Our study has some limitations. First, patients were not randomly assigned to treatment with androgen deprivation therapy, and so it is possible that factors associated with treatment might also be associated with the outcomes of interest. We controlled for numerous potential confounders, and we used time-varying treatment variables to allow men to serve as their own control when not on androgen deprivation therapy to minimize the likelihood of selection effects influencing our findings. Second, we used administrative data to ascertain exposures and outcomes. Nevertheless, previous research in the Veterans Healthcare Administration has documented a high degree of sensitivity in administrative data for cardiac procedures compared with that in medical record abstraction (26
). Third, it is possible that men receiving regular injections or prescriptions might be more likely to be diagnosed with diabetes or coronary heart disease because of more frequent interactions with health-care providers. However, patients treated with GnRH agonists were also more often hospitalized for myocardial infarction and hospitalized or seen in emergency rooms for stroke, and these events are likely to be identified even among men without regular outpatient care. Finally, although we studied only men cared for in the Veterans Healthcare Administration, the cohort included men of all ages with prostate cancer living throughout the United States.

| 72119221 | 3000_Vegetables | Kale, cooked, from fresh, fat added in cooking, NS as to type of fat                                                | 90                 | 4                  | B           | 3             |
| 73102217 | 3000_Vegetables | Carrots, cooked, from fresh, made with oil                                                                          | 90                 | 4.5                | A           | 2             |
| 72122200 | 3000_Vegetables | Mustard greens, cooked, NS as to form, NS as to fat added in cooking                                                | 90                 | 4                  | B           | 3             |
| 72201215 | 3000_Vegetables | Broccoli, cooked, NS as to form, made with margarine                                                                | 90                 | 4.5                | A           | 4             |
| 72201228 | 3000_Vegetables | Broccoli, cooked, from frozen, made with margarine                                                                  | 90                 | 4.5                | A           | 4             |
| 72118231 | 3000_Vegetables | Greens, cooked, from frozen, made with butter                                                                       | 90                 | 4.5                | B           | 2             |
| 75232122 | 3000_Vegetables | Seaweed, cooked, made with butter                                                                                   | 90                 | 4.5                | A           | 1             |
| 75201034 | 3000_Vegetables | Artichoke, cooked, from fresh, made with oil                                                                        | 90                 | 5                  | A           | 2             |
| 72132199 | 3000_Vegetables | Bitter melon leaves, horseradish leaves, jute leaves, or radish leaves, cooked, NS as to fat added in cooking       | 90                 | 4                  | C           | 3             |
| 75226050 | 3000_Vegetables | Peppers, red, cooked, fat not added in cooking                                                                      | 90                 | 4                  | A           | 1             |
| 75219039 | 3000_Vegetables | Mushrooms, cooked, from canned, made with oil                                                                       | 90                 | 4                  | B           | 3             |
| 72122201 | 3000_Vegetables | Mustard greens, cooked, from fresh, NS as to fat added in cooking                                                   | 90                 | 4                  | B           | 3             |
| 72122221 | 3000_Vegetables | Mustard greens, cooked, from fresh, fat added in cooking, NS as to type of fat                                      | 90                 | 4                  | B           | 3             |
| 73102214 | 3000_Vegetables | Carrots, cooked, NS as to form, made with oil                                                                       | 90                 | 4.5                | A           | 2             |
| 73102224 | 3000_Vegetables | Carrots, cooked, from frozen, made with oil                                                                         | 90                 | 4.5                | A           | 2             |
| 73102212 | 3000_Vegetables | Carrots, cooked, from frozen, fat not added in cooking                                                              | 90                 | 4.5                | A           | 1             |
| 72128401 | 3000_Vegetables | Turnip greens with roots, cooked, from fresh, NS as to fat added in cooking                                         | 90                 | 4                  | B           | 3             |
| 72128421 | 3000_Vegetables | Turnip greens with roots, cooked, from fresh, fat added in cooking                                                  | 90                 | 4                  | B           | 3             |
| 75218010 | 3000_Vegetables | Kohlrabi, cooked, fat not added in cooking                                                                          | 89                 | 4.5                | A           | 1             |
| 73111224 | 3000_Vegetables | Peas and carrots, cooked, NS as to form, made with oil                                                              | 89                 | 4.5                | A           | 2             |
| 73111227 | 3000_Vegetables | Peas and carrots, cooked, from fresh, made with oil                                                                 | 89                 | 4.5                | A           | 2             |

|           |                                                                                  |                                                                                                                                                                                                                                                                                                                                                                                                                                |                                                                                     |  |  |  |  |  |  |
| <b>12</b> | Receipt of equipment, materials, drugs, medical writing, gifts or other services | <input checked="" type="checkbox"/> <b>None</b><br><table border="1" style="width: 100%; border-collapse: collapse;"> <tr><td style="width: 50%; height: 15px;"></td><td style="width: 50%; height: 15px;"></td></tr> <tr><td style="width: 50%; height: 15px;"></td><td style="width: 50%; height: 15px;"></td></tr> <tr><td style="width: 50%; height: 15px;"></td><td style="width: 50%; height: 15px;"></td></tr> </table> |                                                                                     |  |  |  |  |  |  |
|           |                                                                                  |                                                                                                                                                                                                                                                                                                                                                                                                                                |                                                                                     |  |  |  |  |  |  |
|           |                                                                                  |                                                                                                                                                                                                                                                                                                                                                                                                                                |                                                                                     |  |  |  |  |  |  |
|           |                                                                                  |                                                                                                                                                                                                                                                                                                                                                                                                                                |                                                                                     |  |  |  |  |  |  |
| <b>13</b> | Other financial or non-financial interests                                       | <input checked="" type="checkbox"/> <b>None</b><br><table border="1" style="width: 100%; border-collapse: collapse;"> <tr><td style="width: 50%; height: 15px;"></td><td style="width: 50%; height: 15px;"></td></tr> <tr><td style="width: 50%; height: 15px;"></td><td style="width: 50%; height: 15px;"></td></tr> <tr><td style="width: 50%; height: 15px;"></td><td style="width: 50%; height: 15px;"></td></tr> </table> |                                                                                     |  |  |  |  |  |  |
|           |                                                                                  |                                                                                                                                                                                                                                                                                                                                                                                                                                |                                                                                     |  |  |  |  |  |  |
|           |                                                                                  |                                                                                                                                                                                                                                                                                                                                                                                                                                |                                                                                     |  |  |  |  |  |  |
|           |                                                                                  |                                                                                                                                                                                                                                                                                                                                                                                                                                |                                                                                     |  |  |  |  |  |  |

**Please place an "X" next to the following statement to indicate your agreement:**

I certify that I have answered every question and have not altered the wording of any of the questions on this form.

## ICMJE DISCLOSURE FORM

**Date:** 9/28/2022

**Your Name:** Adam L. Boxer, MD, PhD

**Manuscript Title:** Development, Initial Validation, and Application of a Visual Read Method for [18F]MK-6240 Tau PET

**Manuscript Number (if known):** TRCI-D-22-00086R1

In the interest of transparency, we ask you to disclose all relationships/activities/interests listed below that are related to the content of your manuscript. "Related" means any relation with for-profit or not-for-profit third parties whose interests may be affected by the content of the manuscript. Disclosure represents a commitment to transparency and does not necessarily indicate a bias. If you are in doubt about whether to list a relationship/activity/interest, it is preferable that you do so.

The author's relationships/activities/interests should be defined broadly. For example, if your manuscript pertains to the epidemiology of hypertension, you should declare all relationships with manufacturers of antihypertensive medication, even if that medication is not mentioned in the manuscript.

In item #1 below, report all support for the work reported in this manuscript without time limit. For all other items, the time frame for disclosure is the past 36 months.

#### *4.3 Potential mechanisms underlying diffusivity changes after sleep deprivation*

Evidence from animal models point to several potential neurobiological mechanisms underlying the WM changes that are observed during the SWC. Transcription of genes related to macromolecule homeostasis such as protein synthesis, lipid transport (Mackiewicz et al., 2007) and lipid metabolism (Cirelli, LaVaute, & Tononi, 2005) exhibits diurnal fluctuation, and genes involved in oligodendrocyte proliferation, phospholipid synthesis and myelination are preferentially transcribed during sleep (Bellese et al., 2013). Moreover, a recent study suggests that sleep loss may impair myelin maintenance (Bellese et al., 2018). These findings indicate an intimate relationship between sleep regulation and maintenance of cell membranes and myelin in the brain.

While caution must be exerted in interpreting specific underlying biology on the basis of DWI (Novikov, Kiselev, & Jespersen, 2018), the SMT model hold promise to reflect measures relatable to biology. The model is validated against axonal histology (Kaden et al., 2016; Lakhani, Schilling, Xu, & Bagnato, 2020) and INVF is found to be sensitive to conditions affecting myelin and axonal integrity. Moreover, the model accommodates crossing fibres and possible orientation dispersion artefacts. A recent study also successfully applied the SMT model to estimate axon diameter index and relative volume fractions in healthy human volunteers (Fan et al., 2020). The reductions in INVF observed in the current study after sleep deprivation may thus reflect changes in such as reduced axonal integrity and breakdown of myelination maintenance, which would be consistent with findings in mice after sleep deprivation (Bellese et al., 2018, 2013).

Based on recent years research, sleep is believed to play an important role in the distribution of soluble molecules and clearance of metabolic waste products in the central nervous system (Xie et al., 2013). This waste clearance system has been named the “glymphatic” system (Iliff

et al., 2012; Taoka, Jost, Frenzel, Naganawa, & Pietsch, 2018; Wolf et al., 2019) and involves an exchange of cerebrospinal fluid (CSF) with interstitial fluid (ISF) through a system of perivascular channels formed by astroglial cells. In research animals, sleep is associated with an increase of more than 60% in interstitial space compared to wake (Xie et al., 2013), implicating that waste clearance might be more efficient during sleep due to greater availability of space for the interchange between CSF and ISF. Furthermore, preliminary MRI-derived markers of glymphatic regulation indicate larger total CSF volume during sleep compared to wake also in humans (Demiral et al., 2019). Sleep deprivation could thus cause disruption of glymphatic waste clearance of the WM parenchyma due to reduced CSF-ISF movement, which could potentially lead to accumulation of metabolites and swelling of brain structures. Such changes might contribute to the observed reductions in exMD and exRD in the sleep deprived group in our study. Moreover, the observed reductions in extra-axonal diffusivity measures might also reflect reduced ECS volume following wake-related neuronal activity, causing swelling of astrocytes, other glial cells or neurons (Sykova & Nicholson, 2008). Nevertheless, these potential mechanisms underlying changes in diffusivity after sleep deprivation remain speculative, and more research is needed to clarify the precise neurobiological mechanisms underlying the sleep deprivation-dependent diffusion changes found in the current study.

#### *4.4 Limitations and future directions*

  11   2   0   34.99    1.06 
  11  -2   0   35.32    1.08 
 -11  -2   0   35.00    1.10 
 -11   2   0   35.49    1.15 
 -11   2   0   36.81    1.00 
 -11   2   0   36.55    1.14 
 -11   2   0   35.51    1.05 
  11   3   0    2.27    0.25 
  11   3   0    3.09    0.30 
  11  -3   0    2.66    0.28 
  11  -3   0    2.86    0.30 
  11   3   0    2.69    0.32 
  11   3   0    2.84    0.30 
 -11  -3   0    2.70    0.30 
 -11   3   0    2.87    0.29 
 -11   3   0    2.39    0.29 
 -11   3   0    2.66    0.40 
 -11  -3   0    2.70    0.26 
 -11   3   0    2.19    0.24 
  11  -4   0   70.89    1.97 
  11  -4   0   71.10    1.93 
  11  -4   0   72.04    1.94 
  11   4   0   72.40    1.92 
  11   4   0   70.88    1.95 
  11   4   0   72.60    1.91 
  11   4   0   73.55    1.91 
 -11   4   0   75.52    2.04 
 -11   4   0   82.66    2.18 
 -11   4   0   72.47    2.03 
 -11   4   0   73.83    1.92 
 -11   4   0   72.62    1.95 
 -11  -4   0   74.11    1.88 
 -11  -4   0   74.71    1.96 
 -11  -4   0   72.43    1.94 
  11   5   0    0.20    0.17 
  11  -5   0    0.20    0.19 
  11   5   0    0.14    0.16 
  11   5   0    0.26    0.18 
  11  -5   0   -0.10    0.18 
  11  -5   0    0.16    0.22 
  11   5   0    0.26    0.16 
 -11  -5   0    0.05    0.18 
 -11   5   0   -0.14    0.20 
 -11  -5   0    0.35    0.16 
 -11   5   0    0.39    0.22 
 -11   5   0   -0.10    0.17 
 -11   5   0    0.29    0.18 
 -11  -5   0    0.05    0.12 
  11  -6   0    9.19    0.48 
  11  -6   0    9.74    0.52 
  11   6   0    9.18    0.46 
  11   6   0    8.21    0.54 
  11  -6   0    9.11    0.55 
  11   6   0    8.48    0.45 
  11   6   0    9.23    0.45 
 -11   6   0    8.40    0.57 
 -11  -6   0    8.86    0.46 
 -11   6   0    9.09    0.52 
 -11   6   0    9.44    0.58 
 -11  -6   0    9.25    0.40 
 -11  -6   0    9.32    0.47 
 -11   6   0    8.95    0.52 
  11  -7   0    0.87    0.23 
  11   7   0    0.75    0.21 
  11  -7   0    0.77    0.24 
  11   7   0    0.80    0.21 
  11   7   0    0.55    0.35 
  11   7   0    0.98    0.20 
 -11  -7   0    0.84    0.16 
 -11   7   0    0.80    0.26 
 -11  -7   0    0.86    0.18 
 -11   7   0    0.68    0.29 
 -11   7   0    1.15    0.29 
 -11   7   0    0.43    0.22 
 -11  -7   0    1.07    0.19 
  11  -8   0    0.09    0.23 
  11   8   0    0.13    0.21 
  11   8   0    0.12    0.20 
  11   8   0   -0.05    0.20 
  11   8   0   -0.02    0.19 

In conclusion, our findings from this observational study and those from a cohort of older men residing in Surveillance, Epidemiology, and End Results areas suggest that concerns regarding use of GnRH agonists are warranted (9
). Additional research is needed to understand the effects of GnRH agonists for clinical settings where benefits have not yet been established, to identify populations of men at highest risk of complications associated with GnRH agonists, and to investigate strategies to prevent treatment-related morbidity. Nevertheless, patients and physicians considering initiation of GnRH agonist treatment for local or regional prostate cancer should factor the potential increased risks of diabetes and cardiovascular disease as they make treatment decisions.